4 -H is looking to urban areas and the Aboriginal community to replenish its depleted membership, the chief executive officer of the Canadian 4-H Council told the Commons agriculture committee May 5.
Mike Nowosad said 4-H is reaching out into urban centres to teach people about agriculture because there’s interest there. “We’re going to be introducing the business development opportunities on-farm mentorship program in 2011, which is a partnership with Canada’s outstanding young farmers, where young people interested in going into agriculture will spend two weeks on the farms of some of the winners of Canada’s outstanding young farmers to learn how it’s done.
“For the last three years we’ve been running an Aboriginal 4-H program,” he continued. Aboriginal youth is one of the fastest-growing components of the Canadian population. “We see urban cent res and we see the Aboriginal youth community as markets for 4-H.”
4-H is also looking into expanded partnerships with the deans of agriculture and veter inary medicine that could see 4-H leaders qualify for university credits, he added.
“We see ourselves as the apprenticeship for young farmers, basically, and that our members will become Canada’s outstanding young farmers or members of the Canadian Young Farmers Forum,” he noted.
The outreach to urban areas could include a national strategy to partner with Agriculture in the Classroom, he said. “We see that as a critical element in respect to teaching kids about agriculture. It’s impor tant that we’re communicating on Twitter, Facebook, etc.”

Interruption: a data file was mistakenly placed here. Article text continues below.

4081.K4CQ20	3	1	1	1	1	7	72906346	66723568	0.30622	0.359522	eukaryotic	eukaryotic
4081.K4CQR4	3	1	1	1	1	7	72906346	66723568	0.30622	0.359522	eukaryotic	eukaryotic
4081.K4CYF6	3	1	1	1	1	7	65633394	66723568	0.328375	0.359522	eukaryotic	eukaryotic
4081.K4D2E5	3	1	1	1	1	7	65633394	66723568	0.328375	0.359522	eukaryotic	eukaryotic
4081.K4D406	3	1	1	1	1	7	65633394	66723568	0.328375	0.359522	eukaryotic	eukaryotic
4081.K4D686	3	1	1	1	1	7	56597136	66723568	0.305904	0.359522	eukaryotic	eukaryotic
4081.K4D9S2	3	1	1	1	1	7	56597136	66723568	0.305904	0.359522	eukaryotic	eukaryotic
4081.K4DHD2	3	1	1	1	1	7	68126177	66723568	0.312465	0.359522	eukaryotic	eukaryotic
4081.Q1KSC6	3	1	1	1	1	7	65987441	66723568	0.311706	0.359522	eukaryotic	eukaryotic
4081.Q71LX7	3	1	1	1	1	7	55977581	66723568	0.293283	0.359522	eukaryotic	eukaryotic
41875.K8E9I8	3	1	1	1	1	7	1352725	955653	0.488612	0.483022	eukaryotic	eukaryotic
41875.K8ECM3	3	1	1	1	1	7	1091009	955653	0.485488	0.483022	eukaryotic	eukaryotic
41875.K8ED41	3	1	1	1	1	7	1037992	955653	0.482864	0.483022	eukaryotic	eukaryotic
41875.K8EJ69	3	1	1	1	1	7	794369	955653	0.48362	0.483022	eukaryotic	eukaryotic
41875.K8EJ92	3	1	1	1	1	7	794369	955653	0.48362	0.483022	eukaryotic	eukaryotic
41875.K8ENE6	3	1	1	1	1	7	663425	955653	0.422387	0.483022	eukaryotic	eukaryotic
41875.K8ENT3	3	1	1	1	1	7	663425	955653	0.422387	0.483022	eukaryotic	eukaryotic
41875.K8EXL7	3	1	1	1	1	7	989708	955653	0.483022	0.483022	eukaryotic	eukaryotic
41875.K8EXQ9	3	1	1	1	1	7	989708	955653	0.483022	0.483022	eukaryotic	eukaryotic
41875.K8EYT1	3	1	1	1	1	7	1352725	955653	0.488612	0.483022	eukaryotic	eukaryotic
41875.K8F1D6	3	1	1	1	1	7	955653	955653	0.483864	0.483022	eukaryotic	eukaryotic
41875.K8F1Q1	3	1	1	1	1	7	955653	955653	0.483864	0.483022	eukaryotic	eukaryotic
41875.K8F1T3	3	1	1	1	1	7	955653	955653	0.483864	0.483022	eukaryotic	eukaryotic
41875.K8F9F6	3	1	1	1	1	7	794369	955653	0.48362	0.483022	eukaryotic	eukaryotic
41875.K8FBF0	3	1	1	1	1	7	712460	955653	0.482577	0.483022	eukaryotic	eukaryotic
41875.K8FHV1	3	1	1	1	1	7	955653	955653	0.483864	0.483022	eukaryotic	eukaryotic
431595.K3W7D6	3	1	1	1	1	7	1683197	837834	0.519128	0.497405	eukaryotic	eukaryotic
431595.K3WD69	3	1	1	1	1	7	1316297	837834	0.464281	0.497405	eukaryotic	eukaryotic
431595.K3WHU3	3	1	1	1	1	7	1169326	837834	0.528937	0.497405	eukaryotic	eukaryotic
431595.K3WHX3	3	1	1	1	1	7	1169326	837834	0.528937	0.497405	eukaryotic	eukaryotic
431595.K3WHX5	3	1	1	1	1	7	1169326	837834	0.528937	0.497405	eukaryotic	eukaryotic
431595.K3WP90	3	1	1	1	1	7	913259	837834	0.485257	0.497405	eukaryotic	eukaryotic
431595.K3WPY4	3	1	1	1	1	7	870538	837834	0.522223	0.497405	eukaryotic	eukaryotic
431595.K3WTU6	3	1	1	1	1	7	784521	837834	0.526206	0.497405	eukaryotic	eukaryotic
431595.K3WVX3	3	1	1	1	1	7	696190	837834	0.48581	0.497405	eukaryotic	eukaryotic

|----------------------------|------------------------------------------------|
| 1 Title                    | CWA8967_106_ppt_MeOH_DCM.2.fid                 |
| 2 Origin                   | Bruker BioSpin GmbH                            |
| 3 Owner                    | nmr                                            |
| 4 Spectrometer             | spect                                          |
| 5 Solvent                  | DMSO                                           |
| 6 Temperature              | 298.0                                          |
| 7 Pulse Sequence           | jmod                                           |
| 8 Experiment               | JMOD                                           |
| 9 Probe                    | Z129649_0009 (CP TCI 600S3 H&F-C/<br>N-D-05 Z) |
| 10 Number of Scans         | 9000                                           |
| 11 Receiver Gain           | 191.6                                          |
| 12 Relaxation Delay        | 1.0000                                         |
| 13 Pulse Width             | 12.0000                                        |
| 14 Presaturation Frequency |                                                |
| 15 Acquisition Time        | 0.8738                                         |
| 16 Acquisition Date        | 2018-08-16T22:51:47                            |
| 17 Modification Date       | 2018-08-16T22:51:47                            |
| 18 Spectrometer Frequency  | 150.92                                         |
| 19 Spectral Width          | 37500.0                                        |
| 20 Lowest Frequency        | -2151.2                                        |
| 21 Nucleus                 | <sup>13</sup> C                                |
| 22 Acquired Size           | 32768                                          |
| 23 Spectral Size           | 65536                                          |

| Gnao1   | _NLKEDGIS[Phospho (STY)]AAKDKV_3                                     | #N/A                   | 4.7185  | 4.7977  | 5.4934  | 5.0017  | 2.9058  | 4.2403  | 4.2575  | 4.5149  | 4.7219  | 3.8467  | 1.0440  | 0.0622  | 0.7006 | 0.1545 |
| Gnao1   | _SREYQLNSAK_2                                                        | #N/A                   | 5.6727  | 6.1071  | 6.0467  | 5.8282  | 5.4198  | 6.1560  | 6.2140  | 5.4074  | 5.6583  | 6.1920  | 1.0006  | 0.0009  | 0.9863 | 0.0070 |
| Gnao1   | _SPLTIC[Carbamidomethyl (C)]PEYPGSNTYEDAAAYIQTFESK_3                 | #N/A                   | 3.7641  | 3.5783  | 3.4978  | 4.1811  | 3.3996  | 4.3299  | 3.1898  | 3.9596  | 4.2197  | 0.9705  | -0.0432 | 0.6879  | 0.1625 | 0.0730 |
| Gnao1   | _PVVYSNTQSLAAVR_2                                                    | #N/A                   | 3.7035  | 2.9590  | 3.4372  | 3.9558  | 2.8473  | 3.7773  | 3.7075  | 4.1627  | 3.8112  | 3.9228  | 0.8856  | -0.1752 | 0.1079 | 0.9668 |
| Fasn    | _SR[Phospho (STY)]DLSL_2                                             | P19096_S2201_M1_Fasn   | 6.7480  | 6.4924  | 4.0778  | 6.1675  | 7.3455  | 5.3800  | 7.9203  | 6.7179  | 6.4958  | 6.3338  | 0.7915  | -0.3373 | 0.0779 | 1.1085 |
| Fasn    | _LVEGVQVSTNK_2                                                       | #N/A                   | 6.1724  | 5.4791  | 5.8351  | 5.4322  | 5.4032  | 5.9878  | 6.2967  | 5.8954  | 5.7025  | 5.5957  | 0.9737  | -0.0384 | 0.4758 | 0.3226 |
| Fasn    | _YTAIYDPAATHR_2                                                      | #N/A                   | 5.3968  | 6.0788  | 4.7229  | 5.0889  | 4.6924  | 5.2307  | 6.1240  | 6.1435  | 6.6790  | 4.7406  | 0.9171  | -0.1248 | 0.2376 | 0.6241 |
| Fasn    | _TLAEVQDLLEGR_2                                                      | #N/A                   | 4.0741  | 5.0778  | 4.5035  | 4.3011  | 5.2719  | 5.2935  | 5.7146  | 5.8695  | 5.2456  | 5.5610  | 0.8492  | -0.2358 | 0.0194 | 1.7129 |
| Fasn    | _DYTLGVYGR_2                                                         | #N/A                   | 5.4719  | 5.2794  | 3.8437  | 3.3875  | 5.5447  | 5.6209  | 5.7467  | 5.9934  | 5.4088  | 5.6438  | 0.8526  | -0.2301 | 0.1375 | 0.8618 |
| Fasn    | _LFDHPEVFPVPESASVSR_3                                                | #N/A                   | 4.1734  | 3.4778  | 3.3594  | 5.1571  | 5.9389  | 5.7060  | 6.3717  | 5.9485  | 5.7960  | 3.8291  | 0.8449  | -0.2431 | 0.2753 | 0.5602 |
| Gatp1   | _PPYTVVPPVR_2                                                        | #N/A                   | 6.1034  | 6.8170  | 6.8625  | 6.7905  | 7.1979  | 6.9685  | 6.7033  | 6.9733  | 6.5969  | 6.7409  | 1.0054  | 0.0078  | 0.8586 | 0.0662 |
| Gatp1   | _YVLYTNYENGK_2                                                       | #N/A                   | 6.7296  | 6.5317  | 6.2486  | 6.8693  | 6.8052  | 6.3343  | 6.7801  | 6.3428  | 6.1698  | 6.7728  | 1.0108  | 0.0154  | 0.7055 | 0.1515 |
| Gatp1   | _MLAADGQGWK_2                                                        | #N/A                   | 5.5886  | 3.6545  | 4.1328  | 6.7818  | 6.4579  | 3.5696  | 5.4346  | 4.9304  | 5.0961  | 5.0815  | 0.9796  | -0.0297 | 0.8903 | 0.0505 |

In addition to the usual activities such as showing livestock, 4-H is considering a program for older teenagers that would include starting up a farm, writing a business plan, sharing different market ideas and talking to professionals, he said. “These are some examples that could cover technological advancements such as genomics, or get into advancements in specific commodity production such as vegetable growing, beef production, sheep production, bioenergy production, hemp, corn, etc., transition one market to another, or part time to full time.”
The federal government should consider what’s needed to attract young people into a career in agriculture, he said. “We think it would be a good idea to develop a new, crisp, clear vision for Canadian agriculture, focused on young people. … The government needs to communicate this vision as well as support programs for beginning farmers using new social marketing technologies.”
Farming needs “to attract and retain a new generation of producers,” he said. “This is becoming more apparent as the number of producers under the age of 35 is declining at a faster rate than in any other age range. In fact, from 2001 to 2006 the number of farm operators under the age of 35 decreased by 25 per cent across Canada. That’s not a good statistic.”
Ashley Knapton, a University of Guelph agriculture student and 4-H member from Almonte, Ont., told the MPs that the most important factor for young farmers is being able to survive financially. The interest is buying local food helps because it “can give producers that edge, that extra amount of money they’re going to make by not selling it to a wholesaler.
“Lots of my neighbours put their produce out on a wagon and they encourage people to come and they’re making more money that way because they reduce the middleman,” she said. “I think it provides a lot more security, we know exactly where our food is coming from and I think we would be able to support ourselves which would be key instead of relying on other countries.”